“Melancolía” (Melancholoy), Salvador Dalí, 1945. Image via

Returning to Mallo’s paintings, however, it is telling that Neruda lived in Spain from 1933-35 (Barcelona and Madrid). Having met Federico Garcia Lorca in Buenos Aires in 1933, Lorca introduced Neruda to his intellectual and artistic circle in Madrid – a group that included Rafael Alberti, César Vallejo, and Miguel Hernández. As Mallo and Alberti had begun “a passionate, if Bohemian relationship” (Havard 93)  in 1926 that would last until 1931, it is likely that Neruda became familiar with Mallo’s work as well. While many have pointed to the mutual influence of Mallo and Alberti, fewer have examined connections between Mallo and other poets of this time – especially those like Neruda whose primary place or residence or study was not Spain’s cultural nucleus, Madrid. Juxtaposing Mallo’s and Neruda’s works affords us a more complete and complex understanding of those early twentieth century Spanish and Spanish American artistic movements that were becoming increasingly transatlantic in scope.

Robert Havard’s book on Rafael Alberti and the Surrealist Ethos in Spain, for example, discusses at length the ways in which Mallo and Alberti collaborated and shared similar approaches to the role of (surrealist) art in general. Considering the sordid side of Spanish surrealism, Havard’s book includes a chapter on scatology and eschatology, which itself dedicates a section to “Maruja Mallo and Eschatology” (92-104). He notes, as I have above,

"Tierra y excrementos" (Earth and excrement), Maruja Mallo, 1932

“Tierra y excrementos” (Earth and excrement), Maruja Mallo, 1932. Image via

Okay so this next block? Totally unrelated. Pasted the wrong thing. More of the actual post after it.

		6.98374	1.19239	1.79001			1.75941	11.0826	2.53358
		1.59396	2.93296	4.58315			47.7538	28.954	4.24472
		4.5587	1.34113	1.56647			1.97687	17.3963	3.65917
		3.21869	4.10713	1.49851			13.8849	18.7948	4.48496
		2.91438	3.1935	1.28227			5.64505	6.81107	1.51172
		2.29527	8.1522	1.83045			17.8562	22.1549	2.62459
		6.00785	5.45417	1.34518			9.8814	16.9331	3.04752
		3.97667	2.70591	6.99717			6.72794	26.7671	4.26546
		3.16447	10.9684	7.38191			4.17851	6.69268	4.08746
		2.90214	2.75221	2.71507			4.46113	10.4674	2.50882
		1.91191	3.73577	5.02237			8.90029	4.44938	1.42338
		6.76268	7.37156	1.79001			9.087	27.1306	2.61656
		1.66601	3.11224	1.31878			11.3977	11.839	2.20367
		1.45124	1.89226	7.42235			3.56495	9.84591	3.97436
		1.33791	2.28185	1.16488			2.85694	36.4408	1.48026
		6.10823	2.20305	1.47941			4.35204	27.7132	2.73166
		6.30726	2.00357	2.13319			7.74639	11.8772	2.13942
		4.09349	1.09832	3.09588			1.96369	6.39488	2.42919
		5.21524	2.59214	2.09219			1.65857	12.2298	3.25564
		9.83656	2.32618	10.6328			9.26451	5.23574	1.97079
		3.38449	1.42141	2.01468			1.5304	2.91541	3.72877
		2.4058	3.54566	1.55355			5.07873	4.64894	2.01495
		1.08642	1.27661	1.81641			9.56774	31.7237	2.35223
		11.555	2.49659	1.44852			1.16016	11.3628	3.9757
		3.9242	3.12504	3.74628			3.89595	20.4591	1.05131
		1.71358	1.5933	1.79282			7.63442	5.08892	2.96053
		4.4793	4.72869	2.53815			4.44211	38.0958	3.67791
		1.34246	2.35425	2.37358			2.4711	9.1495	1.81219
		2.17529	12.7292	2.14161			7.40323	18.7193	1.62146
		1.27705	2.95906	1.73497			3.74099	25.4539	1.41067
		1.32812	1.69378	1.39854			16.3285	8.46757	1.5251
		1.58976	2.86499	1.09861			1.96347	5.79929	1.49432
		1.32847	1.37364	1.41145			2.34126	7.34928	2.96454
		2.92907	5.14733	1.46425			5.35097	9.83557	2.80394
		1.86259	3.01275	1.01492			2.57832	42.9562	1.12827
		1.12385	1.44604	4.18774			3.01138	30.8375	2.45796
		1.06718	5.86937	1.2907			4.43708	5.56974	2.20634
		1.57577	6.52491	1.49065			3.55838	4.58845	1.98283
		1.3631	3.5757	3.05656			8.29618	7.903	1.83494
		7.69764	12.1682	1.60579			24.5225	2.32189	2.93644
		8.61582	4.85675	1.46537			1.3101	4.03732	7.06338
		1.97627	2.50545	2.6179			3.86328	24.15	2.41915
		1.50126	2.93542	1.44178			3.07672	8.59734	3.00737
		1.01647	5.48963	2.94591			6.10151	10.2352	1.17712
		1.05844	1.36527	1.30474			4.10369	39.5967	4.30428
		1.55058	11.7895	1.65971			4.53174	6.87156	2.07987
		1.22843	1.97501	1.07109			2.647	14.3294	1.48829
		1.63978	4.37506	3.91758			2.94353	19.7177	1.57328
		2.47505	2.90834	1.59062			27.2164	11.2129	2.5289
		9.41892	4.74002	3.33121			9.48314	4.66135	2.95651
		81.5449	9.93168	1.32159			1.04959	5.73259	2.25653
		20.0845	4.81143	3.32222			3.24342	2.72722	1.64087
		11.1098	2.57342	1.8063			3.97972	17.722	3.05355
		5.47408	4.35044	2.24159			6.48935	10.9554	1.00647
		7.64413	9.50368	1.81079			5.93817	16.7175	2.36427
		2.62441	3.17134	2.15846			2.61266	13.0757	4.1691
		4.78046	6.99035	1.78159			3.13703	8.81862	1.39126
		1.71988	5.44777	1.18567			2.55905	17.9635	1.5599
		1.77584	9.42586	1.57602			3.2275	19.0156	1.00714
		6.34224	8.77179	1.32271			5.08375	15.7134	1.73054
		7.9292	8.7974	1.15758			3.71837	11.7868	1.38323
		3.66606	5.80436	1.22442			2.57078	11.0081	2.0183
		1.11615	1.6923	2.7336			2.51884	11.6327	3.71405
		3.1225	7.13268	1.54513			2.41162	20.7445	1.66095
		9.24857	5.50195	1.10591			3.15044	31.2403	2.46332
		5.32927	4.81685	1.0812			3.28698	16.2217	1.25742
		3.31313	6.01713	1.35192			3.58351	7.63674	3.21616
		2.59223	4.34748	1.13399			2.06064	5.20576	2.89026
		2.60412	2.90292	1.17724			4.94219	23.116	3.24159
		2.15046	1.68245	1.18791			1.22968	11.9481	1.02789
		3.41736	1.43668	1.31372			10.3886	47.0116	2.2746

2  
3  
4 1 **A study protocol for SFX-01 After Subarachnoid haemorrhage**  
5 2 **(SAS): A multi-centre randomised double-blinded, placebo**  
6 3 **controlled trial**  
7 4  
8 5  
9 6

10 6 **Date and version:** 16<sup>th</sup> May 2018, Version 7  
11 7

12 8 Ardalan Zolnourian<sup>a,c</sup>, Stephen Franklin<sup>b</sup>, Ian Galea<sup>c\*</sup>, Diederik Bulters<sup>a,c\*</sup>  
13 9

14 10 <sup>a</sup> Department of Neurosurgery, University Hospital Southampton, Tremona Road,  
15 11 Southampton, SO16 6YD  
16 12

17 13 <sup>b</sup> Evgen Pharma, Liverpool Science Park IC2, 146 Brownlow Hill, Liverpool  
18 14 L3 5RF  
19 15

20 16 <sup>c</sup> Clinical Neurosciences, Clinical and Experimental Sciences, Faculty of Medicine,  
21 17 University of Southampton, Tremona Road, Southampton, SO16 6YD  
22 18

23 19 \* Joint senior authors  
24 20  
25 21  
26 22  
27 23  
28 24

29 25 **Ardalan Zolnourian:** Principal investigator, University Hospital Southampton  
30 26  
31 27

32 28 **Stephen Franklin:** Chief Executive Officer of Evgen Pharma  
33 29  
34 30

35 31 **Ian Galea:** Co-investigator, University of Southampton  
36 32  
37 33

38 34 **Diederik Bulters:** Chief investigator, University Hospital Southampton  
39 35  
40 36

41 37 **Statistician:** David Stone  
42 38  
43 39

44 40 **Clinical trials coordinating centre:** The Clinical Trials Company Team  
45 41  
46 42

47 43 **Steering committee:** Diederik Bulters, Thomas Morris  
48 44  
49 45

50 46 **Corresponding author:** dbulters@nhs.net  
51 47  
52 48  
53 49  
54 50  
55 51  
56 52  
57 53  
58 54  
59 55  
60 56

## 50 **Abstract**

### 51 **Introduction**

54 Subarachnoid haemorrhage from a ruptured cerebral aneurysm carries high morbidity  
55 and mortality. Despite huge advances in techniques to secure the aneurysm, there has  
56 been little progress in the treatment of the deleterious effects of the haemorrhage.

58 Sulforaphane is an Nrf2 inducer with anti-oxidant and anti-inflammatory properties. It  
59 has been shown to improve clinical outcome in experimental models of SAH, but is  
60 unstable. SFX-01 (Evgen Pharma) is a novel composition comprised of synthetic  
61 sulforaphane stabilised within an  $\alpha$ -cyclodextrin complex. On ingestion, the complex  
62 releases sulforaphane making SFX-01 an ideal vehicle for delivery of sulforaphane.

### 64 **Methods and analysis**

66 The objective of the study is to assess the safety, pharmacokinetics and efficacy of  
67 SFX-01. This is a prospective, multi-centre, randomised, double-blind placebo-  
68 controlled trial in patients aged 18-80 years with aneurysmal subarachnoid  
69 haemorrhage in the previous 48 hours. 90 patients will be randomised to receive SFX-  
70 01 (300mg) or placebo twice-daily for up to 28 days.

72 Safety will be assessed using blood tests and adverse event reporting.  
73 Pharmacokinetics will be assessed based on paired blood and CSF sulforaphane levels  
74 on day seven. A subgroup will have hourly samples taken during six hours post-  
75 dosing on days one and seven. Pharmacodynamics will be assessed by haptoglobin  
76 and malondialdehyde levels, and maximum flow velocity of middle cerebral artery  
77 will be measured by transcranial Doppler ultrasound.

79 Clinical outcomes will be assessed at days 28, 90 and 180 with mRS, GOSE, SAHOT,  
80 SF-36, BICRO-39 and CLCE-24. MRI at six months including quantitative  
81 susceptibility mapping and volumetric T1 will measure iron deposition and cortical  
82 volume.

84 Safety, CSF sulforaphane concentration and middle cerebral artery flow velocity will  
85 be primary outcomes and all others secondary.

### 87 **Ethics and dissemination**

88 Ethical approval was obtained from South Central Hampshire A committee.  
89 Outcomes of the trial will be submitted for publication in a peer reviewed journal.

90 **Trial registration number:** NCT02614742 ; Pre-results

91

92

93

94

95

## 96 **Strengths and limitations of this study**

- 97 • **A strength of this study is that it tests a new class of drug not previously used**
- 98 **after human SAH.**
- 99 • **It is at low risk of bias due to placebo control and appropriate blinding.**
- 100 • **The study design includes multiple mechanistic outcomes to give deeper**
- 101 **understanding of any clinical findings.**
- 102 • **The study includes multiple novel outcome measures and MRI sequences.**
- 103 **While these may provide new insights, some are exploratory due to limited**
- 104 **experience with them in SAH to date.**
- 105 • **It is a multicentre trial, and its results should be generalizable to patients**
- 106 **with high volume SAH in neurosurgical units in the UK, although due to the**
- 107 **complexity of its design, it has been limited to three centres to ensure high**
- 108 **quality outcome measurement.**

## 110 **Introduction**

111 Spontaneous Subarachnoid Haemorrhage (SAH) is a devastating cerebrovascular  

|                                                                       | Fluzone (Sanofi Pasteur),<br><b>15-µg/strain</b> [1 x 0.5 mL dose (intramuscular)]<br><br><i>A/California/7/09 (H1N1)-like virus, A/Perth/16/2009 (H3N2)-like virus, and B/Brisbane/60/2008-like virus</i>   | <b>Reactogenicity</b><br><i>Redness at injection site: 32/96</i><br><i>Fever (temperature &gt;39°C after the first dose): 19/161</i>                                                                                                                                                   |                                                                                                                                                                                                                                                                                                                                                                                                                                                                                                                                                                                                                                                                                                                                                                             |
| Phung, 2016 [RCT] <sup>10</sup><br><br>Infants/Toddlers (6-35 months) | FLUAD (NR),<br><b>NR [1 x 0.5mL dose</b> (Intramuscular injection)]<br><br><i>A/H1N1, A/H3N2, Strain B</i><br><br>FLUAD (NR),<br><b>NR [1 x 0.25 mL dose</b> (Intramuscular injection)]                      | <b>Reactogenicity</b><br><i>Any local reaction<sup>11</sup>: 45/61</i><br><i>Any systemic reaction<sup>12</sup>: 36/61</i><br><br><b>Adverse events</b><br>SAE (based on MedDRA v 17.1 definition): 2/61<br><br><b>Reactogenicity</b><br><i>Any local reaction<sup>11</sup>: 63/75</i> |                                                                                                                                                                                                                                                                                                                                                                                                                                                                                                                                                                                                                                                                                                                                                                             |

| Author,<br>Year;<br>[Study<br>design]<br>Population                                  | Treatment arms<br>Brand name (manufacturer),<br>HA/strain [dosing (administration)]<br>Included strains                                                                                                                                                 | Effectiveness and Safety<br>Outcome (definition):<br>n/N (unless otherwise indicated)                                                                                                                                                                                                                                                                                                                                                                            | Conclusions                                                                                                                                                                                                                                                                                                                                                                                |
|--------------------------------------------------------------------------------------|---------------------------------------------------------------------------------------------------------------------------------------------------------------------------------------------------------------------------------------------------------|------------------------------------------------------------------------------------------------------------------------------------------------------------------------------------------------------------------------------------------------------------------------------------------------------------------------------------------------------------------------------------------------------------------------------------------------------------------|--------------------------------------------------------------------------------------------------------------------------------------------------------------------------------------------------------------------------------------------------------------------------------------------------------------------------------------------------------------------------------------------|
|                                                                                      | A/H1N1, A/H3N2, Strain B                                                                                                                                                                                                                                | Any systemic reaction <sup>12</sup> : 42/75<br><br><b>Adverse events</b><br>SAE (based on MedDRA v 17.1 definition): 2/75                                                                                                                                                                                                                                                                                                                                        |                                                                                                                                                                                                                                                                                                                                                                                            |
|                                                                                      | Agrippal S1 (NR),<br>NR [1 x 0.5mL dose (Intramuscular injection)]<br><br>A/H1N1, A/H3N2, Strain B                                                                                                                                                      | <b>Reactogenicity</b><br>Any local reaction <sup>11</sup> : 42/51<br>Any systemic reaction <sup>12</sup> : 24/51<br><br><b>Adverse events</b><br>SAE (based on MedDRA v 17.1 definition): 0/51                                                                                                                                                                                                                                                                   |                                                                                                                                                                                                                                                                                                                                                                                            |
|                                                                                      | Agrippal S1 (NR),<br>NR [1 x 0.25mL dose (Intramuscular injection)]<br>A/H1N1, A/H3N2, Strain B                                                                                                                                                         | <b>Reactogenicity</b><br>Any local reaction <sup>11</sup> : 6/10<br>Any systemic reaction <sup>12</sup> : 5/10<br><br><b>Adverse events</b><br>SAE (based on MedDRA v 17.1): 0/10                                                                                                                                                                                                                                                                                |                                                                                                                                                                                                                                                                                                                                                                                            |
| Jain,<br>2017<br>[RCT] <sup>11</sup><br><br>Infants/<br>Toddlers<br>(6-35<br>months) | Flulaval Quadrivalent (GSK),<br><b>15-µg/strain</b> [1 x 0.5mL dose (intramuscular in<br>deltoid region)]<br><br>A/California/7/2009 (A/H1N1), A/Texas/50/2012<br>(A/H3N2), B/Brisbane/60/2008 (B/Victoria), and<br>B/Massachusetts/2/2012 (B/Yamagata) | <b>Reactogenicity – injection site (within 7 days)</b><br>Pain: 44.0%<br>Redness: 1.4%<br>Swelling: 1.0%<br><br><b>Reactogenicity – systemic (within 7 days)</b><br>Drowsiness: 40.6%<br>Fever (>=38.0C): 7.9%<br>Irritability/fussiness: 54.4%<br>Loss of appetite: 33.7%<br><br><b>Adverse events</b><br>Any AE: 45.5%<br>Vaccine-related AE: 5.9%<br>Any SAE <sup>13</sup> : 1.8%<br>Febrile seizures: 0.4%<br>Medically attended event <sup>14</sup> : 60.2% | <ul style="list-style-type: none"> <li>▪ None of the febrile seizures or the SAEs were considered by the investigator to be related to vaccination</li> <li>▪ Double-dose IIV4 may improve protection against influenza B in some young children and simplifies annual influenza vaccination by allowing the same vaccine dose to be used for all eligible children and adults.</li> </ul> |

that with Sewers and Belfries “Maruja turned from the apparent gaiety of her initial paintings to the haunting theme of left-over objects lying on the ground […] depicted in dark-toned paintings, virtually devoid of colour” (95). Two paintings in Mallo’s series, Tierra y excremento (Earth and Excremet) and Sapos y excrementos (Toads and Excrements), are explicitly named after human or animal waste, emphasizing her view that the earth and modern society, particularly the contrast between urban Madrid and the barren landscape of the city’s outskirts, were becoming veritable wastelands.

"Sapos y excrementos" (Toads and excrement), Maruja Mallo, 1932

“Sapos y excrementos” (Toads and excrement), Maruja Mallo, 1932

Havard points out similarities in Mallo’s visual representation of a rotting wasteland and Alberti’s poetic verses featuring “junk objects” (95). Both Havard and Mangini emphasize the role that the outskirts of Madrid played in influencing the pair, especially because Mallo lived at one point on the outskirts of Madrid and Alberti would visit her there. The train ride afforded them opportunities to contemplate the state of civilization and man amidst the ruinous decay outside the city: “The austere landscapes on Madrid’s outskirts inspired her, particularly the garbage, the burnt and waterlogged land, the sewers, the broken bell towers, and the rubble, all of which was undergoing the process of decomposition. In the midst of this detritus, Mallo tells us [in an essay on her work] that ‘the presence of man appears among the footprints, the suits, the skeletons and the dead’ (Mangini 163). Tellingly, two paintings in her Sewers and Belfries series were titled Basura (Garbage) and La huella (The Footprint).


“Basura” (Garbage), Maruja Mallo, 1932. Image via


“La huella” (The Footprint), Maruja Mallo, 1929